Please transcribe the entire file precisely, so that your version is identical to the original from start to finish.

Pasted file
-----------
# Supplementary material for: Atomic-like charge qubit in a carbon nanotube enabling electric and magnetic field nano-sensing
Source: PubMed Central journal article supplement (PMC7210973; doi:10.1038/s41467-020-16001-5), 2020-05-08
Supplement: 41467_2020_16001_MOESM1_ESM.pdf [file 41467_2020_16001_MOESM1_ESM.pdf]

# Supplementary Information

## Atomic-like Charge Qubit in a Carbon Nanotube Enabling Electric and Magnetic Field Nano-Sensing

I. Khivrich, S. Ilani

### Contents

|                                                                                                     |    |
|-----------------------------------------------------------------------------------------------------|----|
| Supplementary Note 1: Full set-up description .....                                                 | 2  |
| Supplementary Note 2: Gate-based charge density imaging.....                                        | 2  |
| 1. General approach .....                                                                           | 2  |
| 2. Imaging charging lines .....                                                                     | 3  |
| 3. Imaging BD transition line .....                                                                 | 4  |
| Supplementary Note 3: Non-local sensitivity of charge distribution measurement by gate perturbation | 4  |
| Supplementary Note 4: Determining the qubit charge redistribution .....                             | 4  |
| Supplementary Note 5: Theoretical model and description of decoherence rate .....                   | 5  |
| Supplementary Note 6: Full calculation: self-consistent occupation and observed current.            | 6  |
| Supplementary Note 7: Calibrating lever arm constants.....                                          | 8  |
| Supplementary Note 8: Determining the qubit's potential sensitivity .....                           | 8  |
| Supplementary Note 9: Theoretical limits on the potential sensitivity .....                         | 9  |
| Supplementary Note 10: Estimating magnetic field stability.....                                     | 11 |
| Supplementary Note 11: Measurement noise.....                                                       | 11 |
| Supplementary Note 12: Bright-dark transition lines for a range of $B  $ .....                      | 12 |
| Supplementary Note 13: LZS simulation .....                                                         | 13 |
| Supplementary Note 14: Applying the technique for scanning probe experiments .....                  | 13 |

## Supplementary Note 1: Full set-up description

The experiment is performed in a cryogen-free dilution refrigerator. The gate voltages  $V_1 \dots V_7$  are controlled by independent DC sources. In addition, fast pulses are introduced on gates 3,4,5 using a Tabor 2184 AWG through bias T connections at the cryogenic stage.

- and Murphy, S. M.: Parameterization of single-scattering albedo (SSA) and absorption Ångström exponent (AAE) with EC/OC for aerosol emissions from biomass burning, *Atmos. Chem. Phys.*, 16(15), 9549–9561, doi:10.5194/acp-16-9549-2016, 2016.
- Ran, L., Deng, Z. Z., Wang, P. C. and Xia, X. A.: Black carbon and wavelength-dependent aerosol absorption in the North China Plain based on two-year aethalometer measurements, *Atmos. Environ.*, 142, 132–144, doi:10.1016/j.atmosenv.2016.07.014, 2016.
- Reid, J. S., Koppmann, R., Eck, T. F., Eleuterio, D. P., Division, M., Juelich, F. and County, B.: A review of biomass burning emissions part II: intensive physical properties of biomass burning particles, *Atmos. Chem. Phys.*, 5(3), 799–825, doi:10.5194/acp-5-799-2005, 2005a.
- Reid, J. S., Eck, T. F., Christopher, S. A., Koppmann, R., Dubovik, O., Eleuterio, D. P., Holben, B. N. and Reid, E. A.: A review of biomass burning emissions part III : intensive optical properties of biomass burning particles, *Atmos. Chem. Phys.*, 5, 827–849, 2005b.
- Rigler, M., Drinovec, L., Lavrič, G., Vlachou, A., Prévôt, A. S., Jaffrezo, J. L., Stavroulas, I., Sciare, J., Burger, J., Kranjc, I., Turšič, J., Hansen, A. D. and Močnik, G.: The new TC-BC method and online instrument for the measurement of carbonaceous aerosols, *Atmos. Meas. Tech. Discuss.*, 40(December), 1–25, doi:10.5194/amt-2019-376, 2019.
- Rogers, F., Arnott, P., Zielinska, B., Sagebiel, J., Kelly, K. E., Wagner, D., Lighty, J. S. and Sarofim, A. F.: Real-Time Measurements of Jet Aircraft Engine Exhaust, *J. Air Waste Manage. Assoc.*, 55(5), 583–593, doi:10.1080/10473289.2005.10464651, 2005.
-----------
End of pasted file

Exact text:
# Supplementary material for: Atomic-like charge qubit in a carbon nanotube enabling electric and magnetic field nano-sensing
Source: PubMed Central journal article supplement (PMC7210973; doi:10.1038/s41467-020-16001-5), 2020-05-08
Supplement: 41467_2020_16001_MOESM1_ESM.pdf [file 41467_2020_16001_MOESM1_ESM.pdf]

# Supplementary Information

## Atomic-like Charge Qubit in a Carbon Nanotube Enabling Electric and Magnetic Field Nano-Sensing

I. Khivrich, S. Ilani

### Contents

|                                                                                                     |    |
|-----------------------------------------------------------------------------------------------------|----|
| Supplementary Note 1: Full set-up description .....                                                 | 2  |
| Supplementary Note 2: Gate-based charge density imaging.....                                        | 2  |
| 1. General approach .....                                                                           | 2  |
| 2. Imaging charging lines .....                                                                     | 3  |
| 3. Imaging BD transition line .....                                                                 | 4  |
| Supplementary Note 3: Non-local sensitivity of charge distribution measurement by gate perturbation | 4  |
| Supplementary Note 4: Determining the qubit charge redistribution .....                             | 4  |
| Supplementary Note 5: Theoretical model and description of decoherence rate .....                   | 5  |
| Supplementary Note 6: Full calculation: self-consistent occupation and observed current.            | 6  |
| Supplementary Note 7: Calibrating lever arm constants.....                                          | 8  |
| Supplementary Note 8: Determining the qubit's potential sensitivity .....                           | 8  |
| Supplementary Note 9: Theoretical limits on the potential sensitivity .....                         | 9  |
| Supplementary Note 10: Estimating magnetic field stability.....                                     | 11 |
| Supplementary Note 11: Measurement noise.....                                                       | 11 |
| Supplementary Note 12: Bright-dark transition lines for a range of $B  $ .....                      | 12 |
| Supplementary Note 13: LZS simulation .....                                                         | 13 |
| Supplementary Note 14: Applying the technique for scanning probe experiments .....                  | 13 |

## Supplementary Note 1: Full set-up description

The experiment is performed in a cryogen-free dilution refrigerator. The gate voltages  $V_1 \dots V_7$  are controlled by independent DC sources. In addition, fast pulses are introduced on gates 3,4,5 using a Tabor 2184 AWG through bias T connections at the cryogenic stage.

- and Murphy, S. M.: Parameterization of single-scattering albedo (SSA) and absorption Ångström exponent (AAE) with EC/OC for aerosol emissions from biomass burning, *Atmos. Chem. Phys.*, 16(15), 9549–9561, doi:10.5194/acp-16-9549-2016, 2016.
- Ran, L., Deng, Z. Z., Wang, P. C. and Xia, X. A.: Black carbon and wavelength-dependent aerosol absorption in the North China Plain based on two-year aethalometer measurements, *Atmos. Environ.*, 142, 132–144, doi:10.1016/j.atmosenv.2016.07.014, 2016.
- Reid, J. S., Koppmann, R., Eck, T. F., Eleuterio, D. P., Division, M., Juelich, F. and County, B.: A review of biomass burning emissions part II: intensive physical properties of biomass burning particles, *Atmos. Chem. Phys.*, 5(3), 799–825, doi:10.5194/acp-5-799-2005, 2005a.
- Reid, J. S., Eck, T. F., Christopher, S. A., Koppmann, R., Dubovik, O., Eleuterio, D. P., Holben, B. N. and Reid, E. A.: A review of biomass burning emissions part III : intensive optical properties of biomass burning particles, *Atmos. Chem. Phys.*, 5, 827–849, 2005b.
- Rigler, M., Drinovec, L., Lavrič, G., Vlachou, A., Prévôt, A. S., Jaffrezo, J. L., Stavroulas, I., Sciare, J., Burger, J., Kranjc, I., Turšič, J., Hansen, A. D. and Močnik, G.: The new TC-BC method and online instrument for the measurement of carbonaceous aerosols, *Atmos. Meas. Tech. Discuss.*, 40(December), 1–25, doi:10.5194/amt-2019-376, 2019.
- Rogers, F., Arnott, P., Zielinska, B., Sagebiel, J., Kelly, K. E., Wagner, D., Lighty, J. S. and Sarofim, A. F.: Real-Time Measurements of Jet Aircraft Engine Exhaust, *J. Air Waste Manage. Assoc.*, 55(5), 583–593, doi:10.1080/10473289.2005.10464651, 2005.